In this study, researchers were testing the effects of using pretests to introduce learning objectives. They found that using a pretest to introduce learning objectives produced positive outcomes in learning.
They also found an interesting finding that holding off on feedback, meaning during the pretest you let the students know what they got right and wrong, but you don't let them know the right answer yet, immediately produced more positive results over letting them know the right answer immediatly.
This has awesome implications for teachers in their day-to-day class.
As some people worry, I am not saying this is definitive proof or a way of how we should always teach, but this is just a very informative place for teachers to start and think about how they can try different methods to teach better for their students.
This experiment has started by analyzing what we know about learning and then introduces various factors or tweaks that may be involved and what they discovered in a controlled experiment.
This is a perfect place for educators to now take over, and play around with these ideas. Introduce these little tweaks in your teaching, which will take very little time or effort in your day-to-day. The downsides are very minimal and the upsides are that it may actually impact learning in significant ways.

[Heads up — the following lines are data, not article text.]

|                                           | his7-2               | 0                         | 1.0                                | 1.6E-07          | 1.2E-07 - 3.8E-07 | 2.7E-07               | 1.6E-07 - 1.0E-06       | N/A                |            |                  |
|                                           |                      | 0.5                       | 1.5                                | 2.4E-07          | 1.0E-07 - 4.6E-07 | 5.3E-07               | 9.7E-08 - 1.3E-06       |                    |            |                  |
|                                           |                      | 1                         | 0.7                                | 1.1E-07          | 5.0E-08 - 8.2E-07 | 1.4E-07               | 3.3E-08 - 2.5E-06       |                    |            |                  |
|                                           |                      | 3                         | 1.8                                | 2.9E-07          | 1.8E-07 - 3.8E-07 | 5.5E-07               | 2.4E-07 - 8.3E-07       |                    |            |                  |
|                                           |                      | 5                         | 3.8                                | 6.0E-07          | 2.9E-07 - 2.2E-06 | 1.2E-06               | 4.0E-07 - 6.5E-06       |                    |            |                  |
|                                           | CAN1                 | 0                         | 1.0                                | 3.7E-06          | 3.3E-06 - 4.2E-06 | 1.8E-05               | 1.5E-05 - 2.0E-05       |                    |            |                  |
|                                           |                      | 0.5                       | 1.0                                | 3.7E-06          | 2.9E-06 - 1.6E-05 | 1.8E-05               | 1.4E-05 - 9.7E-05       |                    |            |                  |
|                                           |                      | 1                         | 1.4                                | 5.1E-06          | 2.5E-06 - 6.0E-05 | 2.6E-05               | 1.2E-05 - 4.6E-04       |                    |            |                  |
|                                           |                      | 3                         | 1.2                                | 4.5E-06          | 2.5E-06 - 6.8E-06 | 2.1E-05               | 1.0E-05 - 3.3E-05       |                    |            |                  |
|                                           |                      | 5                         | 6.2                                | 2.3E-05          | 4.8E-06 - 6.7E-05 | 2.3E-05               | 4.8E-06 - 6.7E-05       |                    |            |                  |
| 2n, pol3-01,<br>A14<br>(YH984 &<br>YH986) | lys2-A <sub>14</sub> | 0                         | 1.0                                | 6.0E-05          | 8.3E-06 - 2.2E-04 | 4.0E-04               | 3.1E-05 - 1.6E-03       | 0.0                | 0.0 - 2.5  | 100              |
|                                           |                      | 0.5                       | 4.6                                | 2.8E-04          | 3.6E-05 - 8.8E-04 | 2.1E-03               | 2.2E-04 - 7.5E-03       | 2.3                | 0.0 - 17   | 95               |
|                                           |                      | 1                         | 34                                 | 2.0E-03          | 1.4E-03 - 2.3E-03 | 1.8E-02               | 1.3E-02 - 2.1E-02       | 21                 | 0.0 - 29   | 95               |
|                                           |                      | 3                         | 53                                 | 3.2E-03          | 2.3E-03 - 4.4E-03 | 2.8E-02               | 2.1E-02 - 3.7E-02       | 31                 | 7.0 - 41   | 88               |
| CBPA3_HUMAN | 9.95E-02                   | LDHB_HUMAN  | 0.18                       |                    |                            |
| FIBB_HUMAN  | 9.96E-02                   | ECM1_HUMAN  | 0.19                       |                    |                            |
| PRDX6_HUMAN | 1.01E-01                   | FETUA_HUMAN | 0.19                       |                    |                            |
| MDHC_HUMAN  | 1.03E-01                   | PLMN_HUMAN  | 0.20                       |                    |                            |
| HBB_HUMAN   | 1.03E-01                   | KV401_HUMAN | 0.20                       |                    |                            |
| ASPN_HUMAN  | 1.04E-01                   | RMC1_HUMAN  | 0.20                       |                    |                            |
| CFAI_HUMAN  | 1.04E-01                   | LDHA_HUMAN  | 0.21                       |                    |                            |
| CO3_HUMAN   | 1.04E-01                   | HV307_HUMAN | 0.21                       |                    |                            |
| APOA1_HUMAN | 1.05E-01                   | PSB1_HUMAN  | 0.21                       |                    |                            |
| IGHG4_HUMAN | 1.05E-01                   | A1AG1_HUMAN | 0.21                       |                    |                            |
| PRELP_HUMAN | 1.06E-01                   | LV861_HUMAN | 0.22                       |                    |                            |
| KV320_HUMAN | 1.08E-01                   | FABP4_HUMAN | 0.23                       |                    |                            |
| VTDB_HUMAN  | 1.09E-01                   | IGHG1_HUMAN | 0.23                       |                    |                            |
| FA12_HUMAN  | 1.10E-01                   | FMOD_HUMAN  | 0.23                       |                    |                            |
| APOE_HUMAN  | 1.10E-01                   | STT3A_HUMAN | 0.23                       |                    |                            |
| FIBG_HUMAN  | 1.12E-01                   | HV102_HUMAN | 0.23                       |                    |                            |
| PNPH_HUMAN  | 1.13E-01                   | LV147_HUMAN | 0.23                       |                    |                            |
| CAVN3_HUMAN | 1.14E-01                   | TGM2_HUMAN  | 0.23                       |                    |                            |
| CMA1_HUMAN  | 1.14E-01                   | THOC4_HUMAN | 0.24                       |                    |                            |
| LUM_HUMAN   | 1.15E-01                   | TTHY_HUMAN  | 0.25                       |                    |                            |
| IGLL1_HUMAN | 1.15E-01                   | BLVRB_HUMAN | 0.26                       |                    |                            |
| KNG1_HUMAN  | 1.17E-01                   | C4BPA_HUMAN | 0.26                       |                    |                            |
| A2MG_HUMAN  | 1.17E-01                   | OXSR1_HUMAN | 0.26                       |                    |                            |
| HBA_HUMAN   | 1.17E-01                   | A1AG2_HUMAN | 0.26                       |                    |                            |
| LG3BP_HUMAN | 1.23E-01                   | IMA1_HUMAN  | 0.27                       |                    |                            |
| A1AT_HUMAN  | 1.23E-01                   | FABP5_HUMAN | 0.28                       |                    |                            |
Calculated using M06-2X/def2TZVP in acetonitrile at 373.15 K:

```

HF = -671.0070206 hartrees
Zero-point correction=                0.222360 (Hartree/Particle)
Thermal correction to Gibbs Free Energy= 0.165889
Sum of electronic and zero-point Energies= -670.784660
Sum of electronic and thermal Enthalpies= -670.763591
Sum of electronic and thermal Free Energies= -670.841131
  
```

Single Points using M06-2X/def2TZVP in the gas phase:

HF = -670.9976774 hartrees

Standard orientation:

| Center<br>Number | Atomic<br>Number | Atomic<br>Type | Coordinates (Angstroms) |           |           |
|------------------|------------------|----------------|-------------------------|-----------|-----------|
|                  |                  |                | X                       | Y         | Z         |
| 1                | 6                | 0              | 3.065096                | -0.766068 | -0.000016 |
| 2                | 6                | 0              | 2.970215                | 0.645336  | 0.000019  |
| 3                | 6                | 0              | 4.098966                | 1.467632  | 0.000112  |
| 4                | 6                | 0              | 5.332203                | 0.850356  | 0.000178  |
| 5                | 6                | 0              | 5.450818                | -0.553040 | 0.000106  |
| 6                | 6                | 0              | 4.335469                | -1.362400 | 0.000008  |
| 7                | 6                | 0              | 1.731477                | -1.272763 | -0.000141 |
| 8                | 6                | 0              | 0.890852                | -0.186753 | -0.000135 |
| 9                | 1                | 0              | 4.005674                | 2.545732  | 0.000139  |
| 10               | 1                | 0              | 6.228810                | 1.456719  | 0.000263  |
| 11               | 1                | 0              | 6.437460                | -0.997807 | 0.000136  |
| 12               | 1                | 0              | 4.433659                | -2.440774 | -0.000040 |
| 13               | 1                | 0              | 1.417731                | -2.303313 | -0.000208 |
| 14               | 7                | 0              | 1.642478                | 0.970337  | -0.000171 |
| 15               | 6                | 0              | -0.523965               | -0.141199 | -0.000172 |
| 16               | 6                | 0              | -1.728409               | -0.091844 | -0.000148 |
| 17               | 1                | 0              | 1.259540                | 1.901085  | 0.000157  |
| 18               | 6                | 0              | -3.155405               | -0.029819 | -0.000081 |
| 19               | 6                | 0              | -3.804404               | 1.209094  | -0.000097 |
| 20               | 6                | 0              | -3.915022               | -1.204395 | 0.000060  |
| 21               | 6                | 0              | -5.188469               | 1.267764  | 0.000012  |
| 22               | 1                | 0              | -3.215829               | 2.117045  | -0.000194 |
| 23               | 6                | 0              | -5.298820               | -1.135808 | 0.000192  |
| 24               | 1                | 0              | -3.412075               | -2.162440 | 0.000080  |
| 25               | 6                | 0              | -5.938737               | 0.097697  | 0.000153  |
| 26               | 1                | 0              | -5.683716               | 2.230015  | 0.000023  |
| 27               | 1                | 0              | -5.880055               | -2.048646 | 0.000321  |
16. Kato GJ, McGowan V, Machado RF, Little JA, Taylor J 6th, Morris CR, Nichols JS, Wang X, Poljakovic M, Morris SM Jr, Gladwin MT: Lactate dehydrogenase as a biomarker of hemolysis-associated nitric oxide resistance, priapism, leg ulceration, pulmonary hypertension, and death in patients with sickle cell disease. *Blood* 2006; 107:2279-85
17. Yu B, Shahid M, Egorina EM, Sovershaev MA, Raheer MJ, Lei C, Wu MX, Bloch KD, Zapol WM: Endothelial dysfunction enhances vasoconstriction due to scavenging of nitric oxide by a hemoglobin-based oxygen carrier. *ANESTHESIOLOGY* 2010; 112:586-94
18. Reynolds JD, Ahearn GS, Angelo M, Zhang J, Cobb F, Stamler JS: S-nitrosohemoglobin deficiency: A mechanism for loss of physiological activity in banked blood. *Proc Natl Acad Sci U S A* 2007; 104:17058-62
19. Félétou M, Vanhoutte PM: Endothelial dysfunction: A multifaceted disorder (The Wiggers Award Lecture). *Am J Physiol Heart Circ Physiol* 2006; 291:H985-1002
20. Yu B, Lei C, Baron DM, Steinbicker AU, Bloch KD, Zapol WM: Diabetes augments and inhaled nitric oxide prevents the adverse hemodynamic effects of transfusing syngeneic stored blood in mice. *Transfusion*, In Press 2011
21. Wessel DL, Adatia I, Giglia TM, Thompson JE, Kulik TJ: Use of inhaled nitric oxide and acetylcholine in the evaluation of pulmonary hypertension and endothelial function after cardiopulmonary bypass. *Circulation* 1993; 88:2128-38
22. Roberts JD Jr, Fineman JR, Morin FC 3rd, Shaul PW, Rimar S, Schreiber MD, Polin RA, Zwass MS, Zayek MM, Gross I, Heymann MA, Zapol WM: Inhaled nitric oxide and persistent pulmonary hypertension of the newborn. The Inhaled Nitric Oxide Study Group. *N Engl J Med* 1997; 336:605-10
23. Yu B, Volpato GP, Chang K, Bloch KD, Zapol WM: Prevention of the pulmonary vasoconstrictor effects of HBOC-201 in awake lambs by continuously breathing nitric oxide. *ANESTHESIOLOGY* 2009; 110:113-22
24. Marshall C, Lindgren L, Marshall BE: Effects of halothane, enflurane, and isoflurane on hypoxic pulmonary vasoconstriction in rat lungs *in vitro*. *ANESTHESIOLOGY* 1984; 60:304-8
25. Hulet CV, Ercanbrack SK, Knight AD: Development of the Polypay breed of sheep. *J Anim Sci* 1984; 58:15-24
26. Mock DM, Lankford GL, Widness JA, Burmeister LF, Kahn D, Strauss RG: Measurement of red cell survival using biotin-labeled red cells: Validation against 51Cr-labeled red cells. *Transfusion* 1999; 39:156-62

As a teacher, my takeaway from this is to try introducing learning objectives in the form of a pretest, and then hold off on direct feedback.
I can think of many reasons why this might help. Instead of passively receiving the answer after the question, they have to actively look for it in the content I am presenting. This primes their brains to be open to the information when they hear it. This can take the form of more active engagement, excitement towards the topic, and positive feelings of accomplishment once they do find the right answer.